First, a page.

January 21, 2019 Open Wound (Movie Review)
It’s a Matryoshka world where plots are compounded with ideas embedded inside twists that are dependent upon turns. Enter Open Wound, a brand-new offering from Wild Eye Raw & Extreme that arrives to DVD on Tuesday, January 22, 2019.
We open on a woman (Leila Lowfire: The Key 2016, Dogs of Berlin series) and a man (Jerry Kwarteng: Correspondence 2016, Call the Boys series) discussing sex and casualties of war in preparation for a pool party. Almost immediately after a sketchy roleplay incident, their situation begins to quickly devolve — whether thanks to a vicious misunderstanding, malicious intent, or some unforeseen outsider (Erik Hansen: The Countess 2009, Snowblind 2010) with an agenda. Whatever the case, love is hell when it’s boiled down to kinky sex, lies, and videotape!
Clocking in at 95 minutes, Open Wound was written and directed by Jürgen R. Weber (In aller Freundschaft series, Beutolomäus und die Prinzessin series). Originally titled Open Wound: The Über-Movie, the film is also being marketed under the title Time Is Up. Much like its myriad of aliases, no matter what you call it, Open Wound is fatally flawed by its own convoluted intentions. In short, this appears to be an attempt at a grungy yet sophisticated, Punk Rock/Art House spin on the exploitation film; or a controversial lampooning, at best.
Mired in conundrums, Open Wound never quite achieves what it sets its sights towards, and yet it’s not entirely a flop. The experimental cinematography of Oliver Koeppel (Bild von ihr 2011, Hanuman.com 2013) gives the film a uniquely moody personality, a modern artistic bent that adds zest to a somewhat hackneyed tale of jealousy and revenge. In turn, this is often intentionally mocked by the oft timeless, mostly Classical score which, despite its clear juxtaposition, works.
Considering that the film has a cast of three, it does a lot with limited means and, in this aspect, Open Wound is successful. Kwarteng is suitably vile when necessary and able to switch his onscreen personality without warning, making him an excellent contender for the role of a sociopath. He is ominous at times, entirely fumbling and socially awkward at others — always perfectly adapting to the needs of his character. Lowfire, sadly, does not have quite the same amount of material to work with and is often left bound in her lingerie, her character’s portrayal heavily reliant upon her dialogue. She treads water and gives a decent performance, always showing exceptional zest and fight on behalf of her character’s indomitable personality. Hansen, who only really appears in the last third of the film, does wonderful with his own character, a gentle blend of comedic relief and quirky, spurned lover turned to cold-hearted, acidic revenge.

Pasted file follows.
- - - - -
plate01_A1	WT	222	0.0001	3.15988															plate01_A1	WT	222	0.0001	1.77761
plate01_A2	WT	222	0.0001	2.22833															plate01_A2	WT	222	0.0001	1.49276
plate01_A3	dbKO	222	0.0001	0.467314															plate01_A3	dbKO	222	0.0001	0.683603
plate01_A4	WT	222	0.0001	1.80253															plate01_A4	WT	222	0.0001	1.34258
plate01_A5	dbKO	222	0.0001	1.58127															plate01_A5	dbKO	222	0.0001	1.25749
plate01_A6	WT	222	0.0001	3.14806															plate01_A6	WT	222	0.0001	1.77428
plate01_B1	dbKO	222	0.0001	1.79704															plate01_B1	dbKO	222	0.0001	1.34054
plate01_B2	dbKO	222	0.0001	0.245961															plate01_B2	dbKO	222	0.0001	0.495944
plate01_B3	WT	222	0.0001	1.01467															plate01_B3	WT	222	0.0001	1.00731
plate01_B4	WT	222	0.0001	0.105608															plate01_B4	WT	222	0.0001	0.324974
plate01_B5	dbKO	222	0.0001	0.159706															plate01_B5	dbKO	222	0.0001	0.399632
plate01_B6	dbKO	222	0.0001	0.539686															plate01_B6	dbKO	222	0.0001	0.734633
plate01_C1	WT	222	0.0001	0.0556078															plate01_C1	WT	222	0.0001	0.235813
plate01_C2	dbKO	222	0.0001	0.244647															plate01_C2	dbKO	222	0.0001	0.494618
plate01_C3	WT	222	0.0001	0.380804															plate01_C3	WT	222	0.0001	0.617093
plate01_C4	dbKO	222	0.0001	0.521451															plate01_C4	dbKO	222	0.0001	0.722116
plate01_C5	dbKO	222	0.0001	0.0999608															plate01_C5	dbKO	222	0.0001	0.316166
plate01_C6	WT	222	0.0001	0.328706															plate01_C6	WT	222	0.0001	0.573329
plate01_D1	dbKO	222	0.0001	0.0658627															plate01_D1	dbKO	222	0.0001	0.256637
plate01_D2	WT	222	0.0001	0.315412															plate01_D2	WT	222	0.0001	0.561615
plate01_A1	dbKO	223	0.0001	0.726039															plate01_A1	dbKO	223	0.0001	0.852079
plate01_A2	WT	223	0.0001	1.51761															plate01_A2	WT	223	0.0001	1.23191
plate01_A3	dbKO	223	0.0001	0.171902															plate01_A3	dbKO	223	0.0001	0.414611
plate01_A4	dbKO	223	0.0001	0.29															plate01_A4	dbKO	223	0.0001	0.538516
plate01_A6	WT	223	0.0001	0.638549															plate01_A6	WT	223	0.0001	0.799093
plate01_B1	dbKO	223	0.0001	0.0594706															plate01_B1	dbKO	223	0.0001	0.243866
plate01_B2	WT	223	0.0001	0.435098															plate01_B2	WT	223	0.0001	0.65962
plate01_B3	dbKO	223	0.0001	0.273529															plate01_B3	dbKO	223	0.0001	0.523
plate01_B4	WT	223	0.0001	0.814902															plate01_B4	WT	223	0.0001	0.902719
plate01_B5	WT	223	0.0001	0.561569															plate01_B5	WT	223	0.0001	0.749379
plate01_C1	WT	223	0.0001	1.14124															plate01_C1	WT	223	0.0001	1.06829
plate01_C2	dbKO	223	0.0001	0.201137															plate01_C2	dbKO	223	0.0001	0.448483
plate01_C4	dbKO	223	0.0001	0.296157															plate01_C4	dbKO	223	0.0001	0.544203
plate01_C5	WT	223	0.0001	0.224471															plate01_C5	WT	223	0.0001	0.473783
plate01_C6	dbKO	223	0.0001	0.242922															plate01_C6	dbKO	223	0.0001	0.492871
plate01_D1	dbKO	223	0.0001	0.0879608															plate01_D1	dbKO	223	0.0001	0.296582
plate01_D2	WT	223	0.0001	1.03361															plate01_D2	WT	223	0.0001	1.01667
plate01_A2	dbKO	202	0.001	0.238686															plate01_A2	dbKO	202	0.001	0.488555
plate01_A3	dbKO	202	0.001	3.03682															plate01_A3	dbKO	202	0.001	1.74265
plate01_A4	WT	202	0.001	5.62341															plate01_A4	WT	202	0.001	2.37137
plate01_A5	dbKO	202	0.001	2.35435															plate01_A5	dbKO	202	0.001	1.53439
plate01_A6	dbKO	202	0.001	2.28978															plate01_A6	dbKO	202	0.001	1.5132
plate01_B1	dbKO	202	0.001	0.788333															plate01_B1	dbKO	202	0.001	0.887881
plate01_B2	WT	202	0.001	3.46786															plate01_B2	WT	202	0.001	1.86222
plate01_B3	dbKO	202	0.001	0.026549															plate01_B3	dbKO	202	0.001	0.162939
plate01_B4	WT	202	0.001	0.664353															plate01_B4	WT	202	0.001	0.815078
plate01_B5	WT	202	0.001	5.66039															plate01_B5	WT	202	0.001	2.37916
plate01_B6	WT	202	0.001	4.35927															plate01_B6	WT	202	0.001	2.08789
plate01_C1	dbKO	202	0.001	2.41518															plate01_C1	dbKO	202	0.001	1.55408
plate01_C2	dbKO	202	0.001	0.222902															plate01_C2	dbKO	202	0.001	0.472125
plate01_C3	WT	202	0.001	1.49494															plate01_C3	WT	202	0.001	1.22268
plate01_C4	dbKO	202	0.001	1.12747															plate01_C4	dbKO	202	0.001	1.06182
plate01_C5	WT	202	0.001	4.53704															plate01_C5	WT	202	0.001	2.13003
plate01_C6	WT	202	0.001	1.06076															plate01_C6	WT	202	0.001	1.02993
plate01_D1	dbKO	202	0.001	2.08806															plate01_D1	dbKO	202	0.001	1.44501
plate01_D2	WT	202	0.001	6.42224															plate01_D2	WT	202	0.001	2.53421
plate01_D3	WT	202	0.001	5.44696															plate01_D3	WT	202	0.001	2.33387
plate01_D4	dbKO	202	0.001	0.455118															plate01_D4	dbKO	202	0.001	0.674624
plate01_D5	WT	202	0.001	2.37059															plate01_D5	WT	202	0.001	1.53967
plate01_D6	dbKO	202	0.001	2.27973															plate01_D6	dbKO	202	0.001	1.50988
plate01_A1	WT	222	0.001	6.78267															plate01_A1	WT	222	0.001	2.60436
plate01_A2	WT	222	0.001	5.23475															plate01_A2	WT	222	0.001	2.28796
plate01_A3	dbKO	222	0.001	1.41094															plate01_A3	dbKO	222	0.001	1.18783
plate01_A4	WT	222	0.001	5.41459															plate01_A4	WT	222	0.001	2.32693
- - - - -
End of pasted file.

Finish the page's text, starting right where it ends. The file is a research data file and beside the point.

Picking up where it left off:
Unfortunately, despite the cast’s abilities, the film is inherently fatally flawed thanks to its script. At its base level, Open Wound is a tale of twisted revenge perpetrated by two sociopathic soulmates; an overwrought metaphor for the casualties of love. Beyond this, Weber’s treatment includes quasi-sophisticated sidebars that dip into extraneous prose that expound upon music and sexuality, la petite mort, evolution and natural selection, science and art, and even go so far into left-field as to draw comparisons between vaginal intercourse and eating Chinese food with a fork. This makes the film less about its actual plot and more about providing the writer a sounding board for his bizarre musings that, at times, seem to even mock modern feminism. Clearly intended to push buttons and force a reaction, Hansen’s character literally quips: “It’s amazing what you can get away with in art!”
This cements the self-mockery of Open Wound, showing a self-awareness that the film has babbled and dabbled far outside its initial framework merely to get a cheap rise out of its audience. In short, while the story might have done well as a subversive novella overstuffed with superfluous prose expounding on controversial material intended to shock and titillate, as it stands, Open Wound’s pretentious exploitation falls flat on its duct-taped face. For these reasons, Cryptic Rock give Open Wound 2.5 of 5 stars.